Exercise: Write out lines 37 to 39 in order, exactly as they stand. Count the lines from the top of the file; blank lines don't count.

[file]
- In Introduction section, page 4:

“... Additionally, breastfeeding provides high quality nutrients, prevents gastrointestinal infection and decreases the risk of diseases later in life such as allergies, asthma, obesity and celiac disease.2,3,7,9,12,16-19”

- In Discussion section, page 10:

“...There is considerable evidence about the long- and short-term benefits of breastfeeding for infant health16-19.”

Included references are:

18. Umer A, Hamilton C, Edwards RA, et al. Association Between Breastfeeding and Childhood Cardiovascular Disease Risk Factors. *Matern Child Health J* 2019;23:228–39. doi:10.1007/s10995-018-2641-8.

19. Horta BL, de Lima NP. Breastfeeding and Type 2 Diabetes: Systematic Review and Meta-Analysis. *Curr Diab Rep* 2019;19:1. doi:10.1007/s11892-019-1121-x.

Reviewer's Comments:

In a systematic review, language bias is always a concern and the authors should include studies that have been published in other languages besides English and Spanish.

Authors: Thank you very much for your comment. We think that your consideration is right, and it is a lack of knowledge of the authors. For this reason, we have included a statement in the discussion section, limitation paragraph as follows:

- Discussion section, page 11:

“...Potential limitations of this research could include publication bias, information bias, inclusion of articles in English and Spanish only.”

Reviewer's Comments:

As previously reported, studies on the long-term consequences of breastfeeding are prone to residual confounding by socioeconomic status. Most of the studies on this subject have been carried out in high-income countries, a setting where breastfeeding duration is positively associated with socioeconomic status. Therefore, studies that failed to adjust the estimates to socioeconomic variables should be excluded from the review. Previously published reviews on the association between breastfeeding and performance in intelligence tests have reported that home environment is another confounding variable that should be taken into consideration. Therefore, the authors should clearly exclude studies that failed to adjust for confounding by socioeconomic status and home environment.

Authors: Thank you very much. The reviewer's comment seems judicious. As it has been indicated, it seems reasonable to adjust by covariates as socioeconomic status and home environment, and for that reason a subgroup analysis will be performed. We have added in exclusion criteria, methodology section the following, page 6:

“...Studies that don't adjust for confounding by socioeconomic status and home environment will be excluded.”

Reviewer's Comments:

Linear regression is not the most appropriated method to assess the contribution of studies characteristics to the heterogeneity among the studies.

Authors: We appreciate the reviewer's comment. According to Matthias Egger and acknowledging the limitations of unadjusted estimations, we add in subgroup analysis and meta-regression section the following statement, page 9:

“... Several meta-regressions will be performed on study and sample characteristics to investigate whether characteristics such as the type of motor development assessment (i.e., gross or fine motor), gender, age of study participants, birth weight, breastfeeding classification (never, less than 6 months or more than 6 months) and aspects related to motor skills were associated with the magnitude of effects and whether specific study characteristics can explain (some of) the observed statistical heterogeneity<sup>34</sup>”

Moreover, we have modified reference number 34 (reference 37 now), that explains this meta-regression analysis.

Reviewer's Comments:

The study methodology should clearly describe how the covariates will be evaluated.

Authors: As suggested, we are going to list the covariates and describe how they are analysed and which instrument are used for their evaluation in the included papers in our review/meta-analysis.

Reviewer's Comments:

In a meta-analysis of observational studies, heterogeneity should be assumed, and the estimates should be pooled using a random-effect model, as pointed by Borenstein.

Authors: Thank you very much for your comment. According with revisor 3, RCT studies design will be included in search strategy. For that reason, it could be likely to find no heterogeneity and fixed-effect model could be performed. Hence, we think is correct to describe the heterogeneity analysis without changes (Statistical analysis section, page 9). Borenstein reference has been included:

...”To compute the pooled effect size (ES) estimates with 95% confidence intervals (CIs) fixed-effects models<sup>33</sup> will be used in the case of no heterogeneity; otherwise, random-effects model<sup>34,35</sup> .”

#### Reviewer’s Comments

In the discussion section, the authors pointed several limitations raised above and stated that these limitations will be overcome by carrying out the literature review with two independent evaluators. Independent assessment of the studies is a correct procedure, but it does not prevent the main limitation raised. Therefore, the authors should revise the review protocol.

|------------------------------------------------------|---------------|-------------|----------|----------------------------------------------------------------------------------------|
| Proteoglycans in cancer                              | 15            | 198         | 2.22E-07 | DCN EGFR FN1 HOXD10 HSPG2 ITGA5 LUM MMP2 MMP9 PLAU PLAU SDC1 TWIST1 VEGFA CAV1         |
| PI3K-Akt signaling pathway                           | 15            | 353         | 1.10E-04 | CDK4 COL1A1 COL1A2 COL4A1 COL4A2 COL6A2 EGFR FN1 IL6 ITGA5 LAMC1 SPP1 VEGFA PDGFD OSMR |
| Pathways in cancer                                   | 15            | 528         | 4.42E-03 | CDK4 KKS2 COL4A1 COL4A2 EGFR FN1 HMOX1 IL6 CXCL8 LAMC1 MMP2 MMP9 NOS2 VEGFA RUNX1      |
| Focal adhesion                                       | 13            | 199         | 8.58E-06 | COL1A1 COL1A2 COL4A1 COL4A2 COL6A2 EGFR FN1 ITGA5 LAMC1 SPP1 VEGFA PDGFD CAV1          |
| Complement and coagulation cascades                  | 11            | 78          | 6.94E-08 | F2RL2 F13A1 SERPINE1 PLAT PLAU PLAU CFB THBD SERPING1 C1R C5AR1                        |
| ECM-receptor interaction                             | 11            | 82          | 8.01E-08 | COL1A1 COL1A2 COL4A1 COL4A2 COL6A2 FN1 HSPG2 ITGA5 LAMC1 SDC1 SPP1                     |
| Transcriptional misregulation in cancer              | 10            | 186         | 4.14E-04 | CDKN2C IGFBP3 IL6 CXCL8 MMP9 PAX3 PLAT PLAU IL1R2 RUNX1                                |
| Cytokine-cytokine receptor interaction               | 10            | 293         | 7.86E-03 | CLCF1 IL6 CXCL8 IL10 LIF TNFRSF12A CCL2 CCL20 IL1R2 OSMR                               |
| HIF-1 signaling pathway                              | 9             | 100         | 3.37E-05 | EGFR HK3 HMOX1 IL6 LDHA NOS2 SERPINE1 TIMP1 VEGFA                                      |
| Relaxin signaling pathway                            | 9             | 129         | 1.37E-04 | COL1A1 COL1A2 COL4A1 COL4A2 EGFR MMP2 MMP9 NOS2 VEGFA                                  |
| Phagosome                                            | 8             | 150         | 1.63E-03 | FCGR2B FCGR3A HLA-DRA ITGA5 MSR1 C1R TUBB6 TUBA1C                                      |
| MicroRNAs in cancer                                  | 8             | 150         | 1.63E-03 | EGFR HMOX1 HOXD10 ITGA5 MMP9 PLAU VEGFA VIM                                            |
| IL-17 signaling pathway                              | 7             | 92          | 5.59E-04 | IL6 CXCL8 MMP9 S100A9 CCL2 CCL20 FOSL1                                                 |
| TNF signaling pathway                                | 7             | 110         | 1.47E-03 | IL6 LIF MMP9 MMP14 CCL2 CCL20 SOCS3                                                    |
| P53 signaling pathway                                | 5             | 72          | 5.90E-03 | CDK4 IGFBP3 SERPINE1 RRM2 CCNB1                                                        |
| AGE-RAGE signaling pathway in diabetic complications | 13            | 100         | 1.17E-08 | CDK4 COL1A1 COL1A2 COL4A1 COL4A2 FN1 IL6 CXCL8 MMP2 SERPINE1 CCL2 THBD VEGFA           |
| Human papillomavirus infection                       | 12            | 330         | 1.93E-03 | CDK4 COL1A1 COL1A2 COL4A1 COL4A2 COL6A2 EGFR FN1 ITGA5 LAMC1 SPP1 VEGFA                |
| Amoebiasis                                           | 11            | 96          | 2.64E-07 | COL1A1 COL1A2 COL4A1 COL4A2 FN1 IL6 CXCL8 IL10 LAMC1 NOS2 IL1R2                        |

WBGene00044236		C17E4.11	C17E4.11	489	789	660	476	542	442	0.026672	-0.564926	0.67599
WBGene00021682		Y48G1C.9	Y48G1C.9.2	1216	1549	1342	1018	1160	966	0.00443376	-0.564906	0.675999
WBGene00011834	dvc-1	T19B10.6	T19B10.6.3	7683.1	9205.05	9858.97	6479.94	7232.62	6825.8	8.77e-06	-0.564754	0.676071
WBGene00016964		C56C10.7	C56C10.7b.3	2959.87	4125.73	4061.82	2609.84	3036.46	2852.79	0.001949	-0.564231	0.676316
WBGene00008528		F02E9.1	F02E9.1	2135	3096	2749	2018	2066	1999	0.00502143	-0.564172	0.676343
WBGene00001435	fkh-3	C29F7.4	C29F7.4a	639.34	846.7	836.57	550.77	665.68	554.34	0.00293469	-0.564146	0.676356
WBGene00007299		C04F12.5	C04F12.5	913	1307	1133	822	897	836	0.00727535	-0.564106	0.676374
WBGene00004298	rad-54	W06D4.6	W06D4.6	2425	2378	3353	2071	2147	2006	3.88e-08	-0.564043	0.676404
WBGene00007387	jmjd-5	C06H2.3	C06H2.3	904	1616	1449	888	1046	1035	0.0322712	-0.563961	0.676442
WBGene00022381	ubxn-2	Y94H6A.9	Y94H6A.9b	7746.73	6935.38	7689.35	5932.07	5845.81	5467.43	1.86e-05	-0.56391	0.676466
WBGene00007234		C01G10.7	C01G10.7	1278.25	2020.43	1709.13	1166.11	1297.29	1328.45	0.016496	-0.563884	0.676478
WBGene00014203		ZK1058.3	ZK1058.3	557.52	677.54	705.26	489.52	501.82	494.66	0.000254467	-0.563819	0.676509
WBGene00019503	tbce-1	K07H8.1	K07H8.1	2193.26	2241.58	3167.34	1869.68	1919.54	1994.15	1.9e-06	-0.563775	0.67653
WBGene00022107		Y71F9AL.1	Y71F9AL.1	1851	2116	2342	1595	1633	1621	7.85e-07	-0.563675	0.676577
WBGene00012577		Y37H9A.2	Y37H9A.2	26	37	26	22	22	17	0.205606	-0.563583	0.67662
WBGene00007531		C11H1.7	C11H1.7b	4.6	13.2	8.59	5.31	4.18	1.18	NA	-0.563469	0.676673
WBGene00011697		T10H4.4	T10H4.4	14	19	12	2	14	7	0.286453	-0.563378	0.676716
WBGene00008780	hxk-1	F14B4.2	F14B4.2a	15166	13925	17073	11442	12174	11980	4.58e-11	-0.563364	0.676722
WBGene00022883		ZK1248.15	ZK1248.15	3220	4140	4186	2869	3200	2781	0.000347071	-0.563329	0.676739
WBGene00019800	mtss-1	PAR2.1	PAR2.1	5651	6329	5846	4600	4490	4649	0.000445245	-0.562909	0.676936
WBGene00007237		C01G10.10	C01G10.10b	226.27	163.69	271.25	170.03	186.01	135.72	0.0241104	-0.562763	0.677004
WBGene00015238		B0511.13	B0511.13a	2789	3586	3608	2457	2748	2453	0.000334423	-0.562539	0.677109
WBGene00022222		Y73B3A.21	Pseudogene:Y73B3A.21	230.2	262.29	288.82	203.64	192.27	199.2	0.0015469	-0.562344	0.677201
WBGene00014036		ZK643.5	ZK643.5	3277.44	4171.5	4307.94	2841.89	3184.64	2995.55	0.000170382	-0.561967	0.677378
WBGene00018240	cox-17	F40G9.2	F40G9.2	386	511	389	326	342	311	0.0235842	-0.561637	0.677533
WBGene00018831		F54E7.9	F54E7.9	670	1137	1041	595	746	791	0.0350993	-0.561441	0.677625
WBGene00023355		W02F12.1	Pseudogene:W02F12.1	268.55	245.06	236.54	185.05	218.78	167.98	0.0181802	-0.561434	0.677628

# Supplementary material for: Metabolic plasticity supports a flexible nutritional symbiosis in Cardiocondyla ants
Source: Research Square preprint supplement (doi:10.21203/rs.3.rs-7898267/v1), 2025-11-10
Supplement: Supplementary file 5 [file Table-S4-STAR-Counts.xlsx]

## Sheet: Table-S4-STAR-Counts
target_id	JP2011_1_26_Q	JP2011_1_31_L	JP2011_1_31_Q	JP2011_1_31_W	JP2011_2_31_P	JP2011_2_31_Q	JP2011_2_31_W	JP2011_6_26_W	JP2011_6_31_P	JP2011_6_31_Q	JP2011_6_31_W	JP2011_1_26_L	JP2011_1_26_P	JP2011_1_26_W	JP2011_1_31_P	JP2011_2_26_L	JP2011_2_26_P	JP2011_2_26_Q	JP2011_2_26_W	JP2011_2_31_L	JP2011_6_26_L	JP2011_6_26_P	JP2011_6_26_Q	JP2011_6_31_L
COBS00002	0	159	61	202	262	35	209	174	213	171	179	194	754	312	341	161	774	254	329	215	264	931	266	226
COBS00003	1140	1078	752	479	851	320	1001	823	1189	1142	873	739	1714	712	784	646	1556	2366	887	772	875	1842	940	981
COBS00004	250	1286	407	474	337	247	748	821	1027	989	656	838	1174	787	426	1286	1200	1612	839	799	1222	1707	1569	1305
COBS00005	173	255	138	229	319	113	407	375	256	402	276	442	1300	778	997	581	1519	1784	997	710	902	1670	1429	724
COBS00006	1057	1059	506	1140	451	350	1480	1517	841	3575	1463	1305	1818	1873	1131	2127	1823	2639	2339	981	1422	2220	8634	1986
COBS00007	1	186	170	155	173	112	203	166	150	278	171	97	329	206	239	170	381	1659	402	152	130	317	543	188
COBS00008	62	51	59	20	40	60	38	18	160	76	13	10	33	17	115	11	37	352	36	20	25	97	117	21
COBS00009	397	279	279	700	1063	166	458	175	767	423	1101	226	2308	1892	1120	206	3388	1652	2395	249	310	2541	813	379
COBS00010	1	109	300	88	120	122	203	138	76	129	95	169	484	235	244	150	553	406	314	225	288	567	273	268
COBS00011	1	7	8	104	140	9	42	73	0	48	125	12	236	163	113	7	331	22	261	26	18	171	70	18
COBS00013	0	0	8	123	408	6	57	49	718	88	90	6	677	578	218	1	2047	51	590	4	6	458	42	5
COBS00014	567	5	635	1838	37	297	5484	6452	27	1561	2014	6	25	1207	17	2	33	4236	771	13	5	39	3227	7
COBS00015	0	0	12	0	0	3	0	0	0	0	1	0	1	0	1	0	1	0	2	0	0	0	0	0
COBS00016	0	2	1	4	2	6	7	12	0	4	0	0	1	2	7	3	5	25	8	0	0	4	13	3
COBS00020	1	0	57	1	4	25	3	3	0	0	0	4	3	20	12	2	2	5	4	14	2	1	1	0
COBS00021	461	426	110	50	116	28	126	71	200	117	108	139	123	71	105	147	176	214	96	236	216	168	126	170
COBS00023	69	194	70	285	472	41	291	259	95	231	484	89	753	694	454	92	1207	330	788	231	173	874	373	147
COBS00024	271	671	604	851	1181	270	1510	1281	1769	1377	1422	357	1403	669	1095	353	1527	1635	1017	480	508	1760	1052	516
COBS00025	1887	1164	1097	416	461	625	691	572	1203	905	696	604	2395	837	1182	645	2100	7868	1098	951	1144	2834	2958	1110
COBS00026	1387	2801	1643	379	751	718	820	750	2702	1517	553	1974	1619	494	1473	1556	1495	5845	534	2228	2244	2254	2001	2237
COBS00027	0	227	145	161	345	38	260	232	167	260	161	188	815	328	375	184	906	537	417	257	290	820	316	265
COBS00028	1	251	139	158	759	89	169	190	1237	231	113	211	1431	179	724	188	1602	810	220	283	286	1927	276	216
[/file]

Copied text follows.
| ECM-receptor interaction                             | 11            | 82          | 8.01E-08 | COL1A1 COL1A2 COL4A1 COL4A2 COL6A2 FN1 HSPG2 ITGA5 LAMC1 SDC1 SPP1                     |
| Transcriptional misregulation in cancer              | 10            | 186         | 4.14E-04 | CDKN2C IGFBP3 IL6 CXCL8 MMP9 PAX3 PLAT PLAU IL1R2 RUNX1                                |
| Cytokine-cytokine receptor interaction               | 10            | 293         | 7.86E-03 | CLCF1 IL6 CXCL8 IL10 LIF TNFRSF12A CCL2 CCL20 IL1R2 OSMR                               |